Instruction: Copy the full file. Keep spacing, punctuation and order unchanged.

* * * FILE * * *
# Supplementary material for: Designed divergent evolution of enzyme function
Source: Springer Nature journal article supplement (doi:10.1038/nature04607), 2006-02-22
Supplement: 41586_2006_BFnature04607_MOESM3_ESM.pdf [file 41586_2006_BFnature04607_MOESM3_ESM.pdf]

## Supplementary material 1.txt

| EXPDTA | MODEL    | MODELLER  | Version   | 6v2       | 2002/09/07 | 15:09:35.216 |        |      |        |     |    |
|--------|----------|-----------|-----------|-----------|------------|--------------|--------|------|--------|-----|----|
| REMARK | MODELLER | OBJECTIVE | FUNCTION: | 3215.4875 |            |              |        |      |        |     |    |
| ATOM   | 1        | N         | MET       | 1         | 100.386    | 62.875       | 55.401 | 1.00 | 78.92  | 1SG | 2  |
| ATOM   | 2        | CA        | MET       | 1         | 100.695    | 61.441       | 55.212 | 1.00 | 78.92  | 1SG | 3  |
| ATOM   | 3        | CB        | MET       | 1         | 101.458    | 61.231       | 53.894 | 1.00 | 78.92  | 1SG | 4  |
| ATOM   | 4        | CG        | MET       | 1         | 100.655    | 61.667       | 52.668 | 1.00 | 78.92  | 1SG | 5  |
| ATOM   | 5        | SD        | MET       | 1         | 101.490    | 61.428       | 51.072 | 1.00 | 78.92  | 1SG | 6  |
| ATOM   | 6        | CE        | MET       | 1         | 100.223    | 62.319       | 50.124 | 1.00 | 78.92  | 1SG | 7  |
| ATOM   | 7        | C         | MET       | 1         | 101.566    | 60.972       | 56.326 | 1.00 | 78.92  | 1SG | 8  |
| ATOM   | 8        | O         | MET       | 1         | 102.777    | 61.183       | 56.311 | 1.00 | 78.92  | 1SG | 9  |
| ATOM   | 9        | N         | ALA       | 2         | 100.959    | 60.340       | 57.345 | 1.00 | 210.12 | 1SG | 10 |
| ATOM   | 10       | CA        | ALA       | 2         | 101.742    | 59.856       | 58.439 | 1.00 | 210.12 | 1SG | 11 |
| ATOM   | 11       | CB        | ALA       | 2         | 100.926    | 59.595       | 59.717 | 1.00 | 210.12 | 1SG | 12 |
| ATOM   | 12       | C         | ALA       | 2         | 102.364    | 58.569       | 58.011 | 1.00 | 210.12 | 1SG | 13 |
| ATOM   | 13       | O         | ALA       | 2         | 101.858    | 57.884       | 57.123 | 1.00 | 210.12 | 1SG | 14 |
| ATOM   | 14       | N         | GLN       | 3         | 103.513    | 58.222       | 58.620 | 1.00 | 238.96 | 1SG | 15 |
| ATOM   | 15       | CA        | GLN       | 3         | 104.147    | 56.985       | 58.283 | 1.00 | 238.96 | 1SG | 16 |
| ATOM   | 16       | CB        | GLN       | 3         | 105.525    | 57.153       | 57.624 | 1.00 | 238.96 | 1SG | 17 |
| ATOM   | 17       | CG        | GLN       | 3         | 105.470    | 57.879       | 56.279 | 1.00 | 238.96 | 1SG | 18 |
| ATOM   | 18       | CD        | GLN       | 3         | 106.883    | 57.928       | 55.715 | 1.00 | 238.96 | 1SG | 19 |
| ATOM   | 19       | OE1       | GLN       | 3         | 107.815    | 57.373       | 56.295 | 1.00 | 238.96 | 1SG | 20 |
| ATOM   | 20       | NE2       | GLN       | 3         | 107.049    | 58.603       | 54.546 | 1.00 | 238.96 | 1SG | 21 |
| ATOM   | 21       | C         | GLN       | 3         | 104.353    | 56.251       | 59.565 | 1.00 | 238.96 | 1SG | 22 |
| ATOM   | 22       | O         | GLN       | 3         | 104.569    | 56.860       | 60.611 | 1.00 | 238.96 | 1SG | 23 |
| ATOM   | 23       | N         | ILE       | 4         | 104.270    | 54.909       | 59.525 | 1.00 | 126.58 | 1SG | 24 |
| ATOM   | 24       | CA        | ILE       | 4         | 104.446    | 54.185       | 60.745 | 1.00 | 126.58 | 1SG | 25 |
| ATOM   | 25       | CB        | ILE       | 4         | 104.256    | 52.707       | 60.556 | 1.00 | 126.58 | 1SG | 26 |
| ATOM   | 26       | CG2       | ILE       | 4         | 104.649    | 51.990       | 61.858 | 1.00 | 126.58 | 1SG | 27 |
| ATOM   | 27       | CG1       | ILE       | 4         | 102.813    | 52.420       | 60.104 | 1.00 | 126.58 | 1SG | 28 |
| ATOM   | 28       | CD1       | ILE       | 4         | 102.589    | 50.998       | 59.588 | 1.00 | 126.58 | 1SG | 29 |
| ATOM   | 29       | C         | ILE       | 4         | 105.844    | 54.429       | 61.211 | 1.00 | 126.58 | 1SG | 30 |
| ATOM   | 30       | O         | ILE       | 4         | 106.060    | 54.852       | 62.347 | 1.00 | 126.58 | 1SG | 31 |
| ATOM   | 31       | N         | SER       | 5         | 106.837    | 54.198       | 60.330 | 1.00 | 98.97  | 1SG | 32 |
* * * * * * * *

# Supplementary material for: Designed divergent evolution of enzyme function
Source: Springer Nature journal article supplement (doi:10.1038/nature04607), 2006-02-22
Supplement: 41586_2006_BFnature04607_MOESM3_ESM.pdf [file 41586_2006_BFnature04607_MOESM3_ESM.pdf]

## Supplementary material 1.txt

| EXPDTA | MODEL    | MODELLER  | Version   | 6v2       | 2002/09/07 | 15:09:35.216 |        |      |        |     |    |
|--------|----------|-----------|-----------|-----------|------------|--------------|--------|------|--------|-----|----|
| REMARK | MODELLER | OBJECTIVE | FUNCTION: | 3215.4875 |            |              |        |      |        |     |    |
| ATOM   | 1        | N         | MET       | 1         | 100.386    | 62.875       | 55.401 | 1.00 | 78.92  | 1SG | 2  |
| ATOM   | 2        | CA        | MET       | 1         | 100.695    | 61.441       | 55.212 | 1.00 | 78.92  | 1SG | 3  |
| ATOM   | 3        | CB        | MET       | 1         | 101.458    | 61.231       | 53.894 | 1.00 | 78.92  | 1SG | 4  |
| ATOM   | 4        | CG        | MET       | 1         | 100.655    | 61.667       | 52.668 | 1.00 | 78.92  | 1SG | 5  |
| ATOM   | 5        | SD        | MET       | 1         | 101.490    | 61.428       | 51.072 | 1.00 | 78.92  | 1SG | 6  |
| ATOM   | 6        | CE        | MET       | 1         | 100.223    | 62.319       | 50.124 | 1.00 | 78.92  | 1SG | 7  |
| ATOM   | 7        | C         | MET       | 1         | 101.566    | 60.972       | 56.326 | 1.00 | 78.92  | 1SG | 8  |
| ATOM   | 8        | O         | MET       | 1         | 102.777    | 61.183       | 56.311 | 1.00 | 78.92  | 1SG | 9  |
| ATOM   | 9        | N         | ALA       | 2         | 100.959    | 60.340       | 57.345 | 1.00 | 210.12 | 1SG | 10 |
| ATOM   | 10       | CA        | ALA       | 2         | 101.742    | 59.856       | 58.439 | 1.00 | 210.12 | 1SG | 11 |
| ATOM   | 11       | CB        | ALA       | 2         | 100.926    | 59.595       | 59.717 | 1.00 | 210.12 | 1SG | 12 |
| ATOM   | 12       | C         | ALA       | 2         | 102.364    | 58.569       | 58.011 | 1.00 | 210.12 | 1SG | 13 |
| ATOM   | 13       | O         | ALA       | 2         | 101.858    | 57.884       | 57.123 | 1.00 | 210.12 | 1SG | 14 |
| ATOM   | 14       | N         | GLN       | 3         | 103.513    | 58.222       | 58.620 | 1.00 | 238.96 | 1SG | 15 |
| ATOM   | 15       | CA        | GLN       | 3         | 104.147    | 56.985       | 58.283 | 1.00 | 238.96 | 1SG | 16 |
| ATOM   | 16       | CB        | GLN       | 3         | 105.525    | 57.153       | 57.624 | 1.00 | 238.96 | 1SG | 17 |
| ATOM   | 17       | CG        | GLN       | 3         | 105.470    | 57.879       | 56.279 | 1.00 | 238.96 | 1SG | 18 |
| ATOM   | 18       | CD        | GLN       | 3         | 106.883    | 57.928       | 55.715 | 1.00 | 238.96 | 1SG | 19 |
| ATOM   | 19       | OE1       | GLN       | 3         | 107.815    | 57.373       | 56.295 | 1.00 | 238.96 | 1SG | 20 |
| ATOM   | 20       | NE2       | GLN       | 3         | 107.049    | 58.603       | 54.546 | 1.00 | 238.96 | 1SG | 21 |
| ATOM   | 21       | C         | GLN       | 3         | 104.353    | 56.251       | 59.565 | 1.00 | 238.96 | 1SG | 22 |
| ATOM   | 22       | O         | GLN       | 3         | 104.569    | 56.860       | 60.611 | 1.00 | 238.96 | 1SG | 23 |
| ATOM   | 23       | N         | ILE       | 4         | 104.270    | 54.909       | 59.525 | 1.00 | 126.58 | 1SG | 24 |
| ATOM   | 24       | CA        | ILE       | 4         | 104.446    | 54.185       | 60.745 | 1.00 | 126.58 | 1SG | 25 |
| ATOM   | 25       | CB        | ILE       | 4         | 104.256    | 52.707       | 60.556 | 1.00 | 126.58 | 1SG | 26 |
| ATOM   | 26       | CG2       | ILE       | 4         | 104.649    | 51.990       | 61.858 | 1.00 | 126.58 | 1SG | 27 |
| ATOM   | 27       | CG1       | ILE       | 4         | 102.813    | 52.420       | 60.104 | 1.00 | 126.58 | 1SG | 28 |
| ATOM   | 28       | CD1       | ILE       | 4         | 102.589    | 50.998       | 59.588 | 1.00 | 126.58 | 1SG | 29 |
| ATOM   | 29       | C         | ILE       | 4         | 105.844    | 54.429       | 61.211 | 1.00 | 126.58 | 1SG | 30 |
| ATOM   | 30       | O         | ILE       | 4         | 106.060    | 54.852       | 62.347 | 1.00 | 126.58 | 1SG | 31 |
| ATOM   | 31       | N         | SER       | 5         | 106.837    | 54.198       | 60.330 | 1.00 | 98.97  | 1SG | 32 |